Differential regional decline in dopamine receptor availability across adulthood: Linear and nonlinear effects of age
Kendra L. Seaman,
Christopher T. Smith,
Eric J. Juarez,
Linh C. Dang,
Jaime J. Castrellon,
M. Danica San Juan,
Paul M. Kundzicz,
Ronald L Cowan,
David H. Zald,
Gregory R. Samanez-Larkin
Posted 29 Jun 2018
bioRxiv DOI: 10.1101/358200 (published DOI: 10.1002/hbm.24585)
Posted 29 Jun 2018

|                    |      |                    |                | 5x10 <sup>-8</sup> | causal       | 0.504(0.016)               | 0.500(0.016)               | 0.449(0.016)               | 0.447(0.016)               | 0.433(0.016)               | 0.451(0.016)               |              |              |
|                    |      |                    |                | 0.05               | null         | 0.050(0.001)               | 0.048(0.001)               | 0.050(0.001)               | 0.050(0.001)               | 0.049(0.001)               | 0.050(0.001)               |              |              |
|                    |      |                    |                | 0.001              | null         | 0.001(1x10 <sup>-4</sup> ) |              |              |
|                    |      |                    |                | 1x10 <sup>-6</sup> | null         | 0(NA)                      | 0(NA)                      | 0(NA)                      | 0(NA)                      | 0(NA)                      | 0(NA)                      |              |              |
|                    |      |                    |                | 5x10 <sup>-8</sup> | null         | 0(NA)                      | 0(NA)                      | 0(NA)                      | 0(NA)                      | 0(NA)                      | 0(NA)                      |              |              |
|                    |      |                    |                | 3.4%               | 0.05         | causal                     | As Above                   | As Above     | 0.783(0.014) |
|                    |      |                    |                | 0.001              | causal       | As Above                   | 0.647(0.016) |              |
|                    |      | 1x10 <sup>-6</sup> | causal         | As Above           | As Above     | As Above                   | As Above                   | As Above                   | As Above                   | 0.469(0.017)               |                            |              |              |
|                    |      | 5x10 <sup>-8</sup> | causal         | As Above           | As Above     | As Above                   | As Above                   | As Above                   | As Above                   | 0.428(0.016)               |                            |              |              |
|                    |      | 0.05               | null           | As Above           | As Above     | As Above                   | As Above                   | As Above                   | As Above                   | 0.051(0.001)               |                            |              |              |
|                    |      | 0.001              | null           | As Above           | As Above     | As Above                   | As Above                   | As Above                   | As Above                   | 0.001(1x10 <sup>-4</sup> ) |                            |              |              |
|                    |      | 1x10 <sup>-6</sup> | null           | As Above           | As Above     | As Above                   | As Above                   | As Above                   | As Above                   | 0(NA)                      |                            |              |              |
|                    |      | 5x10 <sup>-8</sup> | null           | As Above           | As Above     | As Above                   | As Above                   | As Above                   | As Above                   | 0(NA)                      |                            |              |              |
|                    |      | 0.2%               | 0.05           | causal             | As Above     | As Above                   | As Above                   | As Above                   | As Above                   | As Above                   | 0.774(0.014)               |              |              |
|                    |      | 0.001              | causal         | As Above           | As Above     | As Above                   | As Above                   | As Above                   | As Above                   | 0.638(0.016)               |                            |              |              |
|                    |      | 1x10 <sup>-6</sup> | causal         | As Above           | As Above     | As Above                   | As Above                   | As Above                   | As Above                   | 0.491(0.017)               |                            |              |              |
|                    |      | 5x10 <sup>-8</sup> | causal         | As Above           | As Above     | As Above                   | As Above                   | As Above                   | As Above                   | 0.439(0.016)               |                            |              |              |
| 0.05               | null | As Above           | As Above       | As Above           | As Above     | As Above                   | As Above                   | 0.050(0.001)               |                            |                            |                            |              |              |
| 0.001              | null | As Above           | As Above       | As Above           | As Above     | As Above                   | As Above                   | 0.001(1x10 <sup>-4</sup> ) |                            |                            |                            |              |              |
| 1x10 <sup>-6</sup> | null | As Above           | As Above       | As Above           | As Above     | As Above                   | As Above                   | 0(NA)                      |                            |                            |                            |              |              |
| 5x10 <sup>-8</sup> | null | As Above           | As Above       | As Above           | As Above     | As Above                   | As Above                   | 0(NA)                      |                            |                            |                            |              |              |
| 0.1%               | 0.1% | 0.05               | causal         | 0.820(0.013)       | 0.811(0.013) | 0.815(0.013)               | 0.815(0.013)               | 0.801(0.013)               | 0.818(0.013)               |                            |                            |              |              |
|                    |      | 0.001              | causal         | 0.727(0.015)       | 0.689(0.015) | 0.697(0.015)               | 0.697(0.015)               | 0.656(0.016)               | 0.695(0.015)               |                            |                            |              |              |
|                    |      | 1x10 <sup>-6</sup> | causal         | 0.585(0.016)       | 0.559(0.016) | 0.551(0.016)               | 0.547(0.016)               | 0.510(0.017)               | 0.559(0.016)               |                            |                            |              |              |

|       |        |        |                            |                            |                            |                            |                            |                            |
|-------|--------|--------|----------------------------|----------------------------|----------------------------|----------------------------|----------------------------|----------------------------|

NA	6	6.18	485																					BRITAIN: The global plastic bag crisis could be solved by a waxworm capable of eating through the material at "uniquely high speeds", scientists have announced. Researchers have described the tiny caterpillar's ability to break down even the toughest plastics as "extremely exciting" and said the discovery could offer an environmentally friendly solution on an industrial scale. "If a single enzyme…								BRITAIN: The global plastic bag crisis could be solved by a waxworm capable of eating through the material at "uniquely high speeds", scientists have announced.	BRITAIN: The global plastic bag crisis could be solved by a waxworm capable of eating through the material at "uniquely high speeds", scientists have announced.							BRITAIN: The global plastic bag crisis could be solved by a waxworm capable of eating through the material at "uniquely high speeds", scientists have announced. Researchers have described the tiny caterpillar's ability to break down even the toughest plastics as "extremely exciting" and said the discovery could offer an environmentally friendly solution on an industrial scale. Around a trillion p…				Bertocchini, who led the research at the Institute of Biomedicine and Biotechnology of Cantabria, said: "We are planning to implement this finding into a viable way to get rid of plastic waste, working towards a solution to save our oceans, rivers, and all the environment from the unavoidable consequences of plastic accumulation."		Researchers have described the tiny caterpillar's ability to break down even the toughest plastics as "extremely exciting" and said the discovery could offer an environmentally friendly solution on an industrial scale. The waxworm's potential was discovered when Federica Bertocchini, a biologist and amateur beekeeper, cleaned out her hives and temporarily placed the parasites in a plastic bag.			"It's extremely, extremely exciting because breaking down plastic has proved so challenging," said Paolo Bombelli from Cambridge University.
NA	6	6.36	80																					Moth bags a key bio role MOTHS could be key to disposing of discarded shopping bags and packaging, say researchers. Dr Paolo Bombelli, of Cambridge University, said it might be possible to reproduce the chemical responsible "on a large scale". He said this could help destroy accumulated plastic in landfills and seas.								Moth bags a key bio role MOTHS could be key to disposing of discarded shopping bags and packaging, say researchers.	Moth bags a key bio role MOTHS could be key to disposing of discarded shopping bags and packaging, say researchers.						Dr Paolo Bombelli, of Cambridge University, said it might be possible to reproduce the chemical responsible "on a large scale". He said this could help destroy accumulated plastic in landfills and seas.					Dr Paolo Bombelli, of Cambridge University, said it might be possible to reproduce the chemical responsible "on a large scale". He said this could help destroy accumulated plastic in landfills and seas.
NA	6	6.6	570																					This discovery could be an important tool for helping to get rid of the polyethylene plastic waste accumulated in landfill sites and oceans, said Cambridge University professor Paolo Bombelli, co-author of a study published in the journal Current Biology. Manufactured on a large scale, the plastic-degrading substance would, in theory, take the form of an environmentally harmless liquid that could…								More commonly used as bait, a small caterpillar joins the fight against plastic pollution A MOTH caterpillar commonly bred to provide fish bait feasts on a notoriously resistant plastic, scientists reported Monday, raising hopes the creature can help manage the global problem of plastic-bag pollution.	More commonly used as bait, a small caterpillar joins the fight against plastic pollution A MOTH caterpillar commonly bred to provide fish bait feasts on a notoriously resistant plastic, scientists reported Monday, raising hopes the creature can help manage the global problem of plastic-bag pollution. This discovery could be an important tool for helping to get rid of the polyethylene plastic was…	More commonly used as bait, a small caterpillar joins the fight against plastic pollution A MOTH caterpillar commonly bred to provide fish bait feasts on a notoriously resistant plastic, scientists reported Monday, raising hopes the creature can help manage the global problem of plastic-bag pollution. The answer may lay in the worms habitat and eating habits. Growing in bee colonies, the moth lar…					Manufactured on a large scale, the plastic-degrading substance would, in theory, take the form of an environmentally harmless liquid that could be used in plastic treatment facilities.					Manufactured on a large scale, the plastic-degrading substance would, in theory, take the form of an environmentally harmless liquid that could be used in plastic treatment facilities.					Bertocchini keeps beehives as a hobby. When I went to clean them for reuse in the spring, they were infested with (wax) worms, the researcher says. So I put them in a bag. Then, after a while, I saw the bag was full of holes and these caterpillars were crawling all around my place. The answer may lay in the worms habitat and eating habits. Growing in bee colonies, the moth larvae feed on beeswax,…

Theories of adult brain development, based on neuropsychological test results and structural neuroimaging, suggest differential rates of age-related change in function across cortical and subcortical sub-regions. However, it remains unclear if these trends also extend to the aging dopamine system. Here we examined cross-sectional adult age differences in estimates of D2-like receptor binding potential across several cortical and subcortical brain regions using PET imaging and the radiotracer [18F]fallypride in two samples of healthy human adults (combined N=132). After accounting for regional differences in overall radioligand binding, estimated percent declines in receptor binding potential by decade (linear effects) were highest in most temporal and frontal cortical regions (~6 to 16% per decade), moderate in parahippocampal gyrus, pregenual frontal cortex, fusiform gyrus, caudate, putamen, thalamus, and amygdala (~3 to 5%), and weakest in subcallosal frontal cortex, ventral striatum, pallidum, and hippocampus (~0 to 2%). Some regions showed linear effects of age while many showed curvilinear effects such that binding potential declined from young adulthood to middle age and then was relatively stable until old age. Overall, these data indicate that the rate and pattern of decline in D2 receptor availability is regionally heterogeneous. However, the differences across regions were challenging to organize within existing theories of brain development and did not show the same pattern of regional change that has been observed in gray matter volume, white matter integrity, or cognitive performance. This variation suggests that existing theories of adult brain development may need to be modified to better account for the spatial dynamics of dopaminergic system aging.
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